Same goes with Puff Pastry which must be kept in and out of the refrigerator for cooling purposes. Each time before the dough enters the refrigerator, apply oil on the dough to prevent the liquids from evaporating at this crucial stage.

Starch Can Help Your Crust Keep Moisture In Your Dough

In the middle of the proofing process, let’s say after about 90 minutes before you do your scoring, take a little bowl, pure some boiling water in it and then add a little starch, either corn or potato will do. Mix it together (don’t let it be to too thick) and cool it down a bit. then take a brush and cover the dough with the starch fluids. the water will soften the skin of the dough and then you could score the bread without ripping it. the water will keep moisture in the bread because what will evaporates will be the liquid on the outside, not the inside.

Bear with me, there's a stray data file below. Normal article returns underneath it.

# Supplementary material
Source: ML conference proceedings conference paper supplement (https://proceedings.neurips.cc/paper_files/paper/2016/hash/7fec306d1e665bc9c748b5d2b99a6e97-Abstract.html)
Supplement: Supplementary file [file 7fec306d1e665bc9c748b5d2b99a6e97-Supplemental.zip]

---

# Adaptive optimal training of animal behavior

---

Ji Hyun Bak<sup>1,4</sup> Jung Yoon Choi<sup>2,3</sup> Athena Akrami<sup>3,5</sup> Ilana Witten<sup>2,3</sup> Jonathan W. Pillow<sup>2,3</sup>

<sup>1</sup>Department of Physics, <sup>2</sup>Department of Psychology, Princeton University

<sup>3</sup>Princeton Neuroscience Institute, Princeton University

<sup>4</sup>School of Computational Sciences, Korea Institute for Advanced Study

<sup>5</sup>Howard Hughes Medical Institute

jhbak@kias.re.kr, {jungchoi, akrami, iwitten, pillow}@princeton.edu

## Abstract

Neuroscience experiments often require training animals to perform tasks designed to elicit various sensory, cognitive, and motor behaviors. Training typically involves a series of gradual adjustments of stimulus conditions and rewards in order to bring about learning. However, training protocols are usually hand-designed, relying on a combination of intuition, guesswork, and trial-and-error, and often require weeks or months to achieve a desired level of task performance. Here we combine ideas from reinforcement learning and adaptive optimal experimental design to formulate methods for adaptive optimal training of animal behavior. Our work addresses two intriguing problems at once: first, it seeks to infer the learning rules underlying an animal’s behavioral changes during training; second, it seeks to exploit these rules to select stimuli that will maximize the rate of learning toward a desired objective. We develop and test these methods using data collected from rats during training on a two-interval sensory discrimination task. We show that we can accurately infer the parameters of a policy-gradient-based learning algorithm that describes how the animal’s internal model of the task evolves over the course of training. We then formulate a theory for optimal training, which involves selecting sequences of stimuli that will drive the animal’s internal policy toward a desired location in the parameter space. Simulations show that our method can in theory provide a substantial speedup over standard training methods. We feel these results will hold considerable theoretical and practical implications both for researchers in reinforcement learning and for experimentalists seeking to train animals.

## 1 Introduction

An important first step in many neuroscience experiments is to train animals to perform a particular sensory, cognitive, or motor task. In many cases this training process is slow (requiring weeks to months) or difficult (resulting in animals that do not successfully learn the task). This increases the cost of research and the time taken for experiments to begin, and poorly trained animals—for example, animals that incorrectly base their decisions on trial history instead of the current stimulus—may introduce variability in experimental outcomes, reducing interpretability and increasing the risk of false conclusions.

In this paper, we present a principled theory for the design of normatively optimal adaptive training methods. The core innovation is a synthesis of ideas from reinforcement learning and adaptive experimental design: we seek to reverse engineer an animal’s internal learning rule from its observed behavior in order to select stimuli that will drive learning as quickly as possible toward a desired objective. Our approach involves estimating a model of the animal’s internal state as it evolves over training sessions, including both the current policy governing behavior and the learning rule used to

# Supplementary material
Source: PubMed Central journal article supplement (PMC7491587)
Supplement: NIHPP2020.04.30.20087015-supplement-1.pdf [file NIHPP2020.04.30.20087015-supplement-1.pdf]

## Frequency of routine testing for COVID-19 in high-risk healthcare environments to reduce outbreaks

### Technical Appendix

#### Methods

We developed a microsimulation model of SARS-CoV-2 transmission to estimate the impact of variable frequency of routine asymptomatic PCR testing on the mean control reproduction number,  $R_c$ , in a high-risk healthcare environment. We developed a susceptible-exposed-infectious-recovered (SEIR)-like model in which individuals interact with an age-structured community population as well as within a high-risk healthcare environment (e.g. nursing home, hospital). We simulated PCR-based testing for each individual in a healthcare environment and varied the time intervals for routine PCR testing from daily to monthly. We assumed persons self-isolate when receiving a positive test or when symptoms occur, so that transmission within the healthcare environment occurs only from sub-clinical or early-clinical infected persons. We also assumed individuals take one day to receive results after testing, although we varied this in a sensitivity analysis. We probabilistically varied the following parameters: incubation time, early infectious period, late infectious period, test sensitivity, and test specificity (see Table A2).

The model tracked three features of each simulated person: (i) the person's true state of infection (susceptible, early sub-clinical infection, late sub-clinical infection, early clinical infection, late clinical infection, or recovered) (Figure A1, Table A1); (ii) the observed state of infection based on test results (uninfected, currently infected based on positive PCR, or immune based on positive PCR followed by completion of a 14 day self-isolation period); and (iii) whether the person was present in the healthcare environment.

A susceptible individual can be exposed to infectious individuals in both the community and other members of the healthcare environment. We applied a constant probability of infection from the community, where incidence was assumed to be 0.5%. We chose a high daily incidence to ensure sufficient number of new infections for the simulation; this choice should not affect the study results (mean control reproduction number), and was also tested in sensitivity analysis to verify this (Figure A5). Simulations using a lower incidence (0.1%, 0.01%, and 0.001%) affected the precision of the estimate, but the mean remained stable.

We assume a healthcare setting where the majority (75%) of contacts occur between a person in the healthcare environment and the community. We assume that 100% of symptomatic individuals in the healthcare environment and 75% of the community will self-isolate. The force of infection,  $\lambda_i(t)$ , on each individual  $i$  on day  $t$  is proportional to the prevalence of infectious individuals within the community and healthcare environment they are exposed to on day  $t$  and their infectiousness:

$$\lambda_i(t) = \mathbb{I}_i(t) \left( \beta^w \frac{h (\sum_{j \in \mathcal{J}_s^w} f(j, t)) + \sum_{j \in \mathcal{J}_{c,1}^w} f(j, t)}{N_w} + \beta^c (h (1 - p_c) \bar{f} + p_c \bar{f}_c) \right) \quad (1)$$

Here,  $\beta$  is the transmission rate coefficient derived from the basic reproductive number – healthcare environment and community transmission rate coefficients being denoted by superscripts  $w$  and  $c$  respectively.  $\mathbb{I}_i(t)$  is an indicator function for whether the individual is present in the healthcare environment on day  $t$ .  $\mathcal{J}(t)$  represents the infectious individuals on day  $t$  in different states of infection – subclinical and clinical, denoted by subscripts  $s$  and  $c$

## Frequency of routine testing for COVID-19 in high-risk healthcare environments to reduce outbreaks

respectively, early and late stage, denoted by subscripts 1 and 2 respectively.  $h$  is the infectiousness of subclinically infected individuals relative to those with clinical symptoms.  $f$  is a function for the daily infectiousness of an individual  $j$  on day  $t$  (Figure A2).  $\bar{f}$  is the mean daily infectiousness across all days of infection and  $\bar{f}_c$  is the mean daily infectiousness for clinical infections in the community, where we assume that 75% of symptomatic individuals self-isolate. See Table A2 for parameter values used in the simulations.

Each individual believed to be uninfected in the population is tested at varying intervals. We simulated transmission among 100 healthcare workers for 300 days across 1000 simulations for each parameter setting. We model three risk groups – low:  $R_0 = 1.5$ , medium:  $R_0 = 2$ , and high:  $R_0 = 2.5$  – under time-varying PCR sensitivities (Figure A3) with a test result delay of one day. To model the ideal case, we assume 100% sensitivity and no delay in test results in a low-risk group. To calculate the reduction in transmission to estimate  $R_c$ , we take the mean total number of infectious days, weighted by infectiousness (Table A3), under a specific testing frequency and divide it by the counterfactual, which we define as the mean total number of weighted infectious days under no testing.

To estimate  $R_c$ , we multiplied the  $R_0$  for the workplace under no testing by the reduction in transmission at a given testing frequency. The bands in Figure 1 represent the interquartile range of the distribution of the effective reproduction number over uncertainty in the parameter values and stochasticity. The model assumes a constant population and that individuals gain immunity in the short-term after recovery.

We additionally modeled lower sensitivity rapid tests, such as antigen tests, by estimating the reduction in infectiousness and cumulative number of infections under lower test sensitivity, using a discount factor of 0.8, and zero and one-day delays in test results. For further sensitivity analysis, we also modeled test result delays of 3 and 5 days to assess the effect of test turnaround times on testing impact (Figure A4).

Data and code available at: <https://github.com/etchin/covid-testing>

Will Adding Fats Like Oil Or Butter To Bread Make It Moist?

The short answer is no. One of the ways people say can help you achieve a moist bread is by adding fats to your mix. Fats, as you know, do not evaporate at the same rate as water. If you splash some oil on a scolding frying pan it will take a lot of time until it evaporates. Do the same with water it will evaporate in mere seconds. As it takes oils and fats longer at a much higher temperature to evaporate you would think it would give you that moistness you are looking for. This is not the case really, let me expand on it a bit more.

Adding to the recipe more fatty ingredients like milk shortening/margarine or butter can help a bit, but I have to be honest with you it ends up being a little tweak in the whole story. Fats will make your dough more fluffy with an even air distribution in your crumb — but won’t really add that “moist” texture in your mouth you are looking for. Think of a muffin or a fluffy sponge cake and how it’s crumb or texture looks. Very small bubbles spaced close together. That’s what fats will do NOT moisture.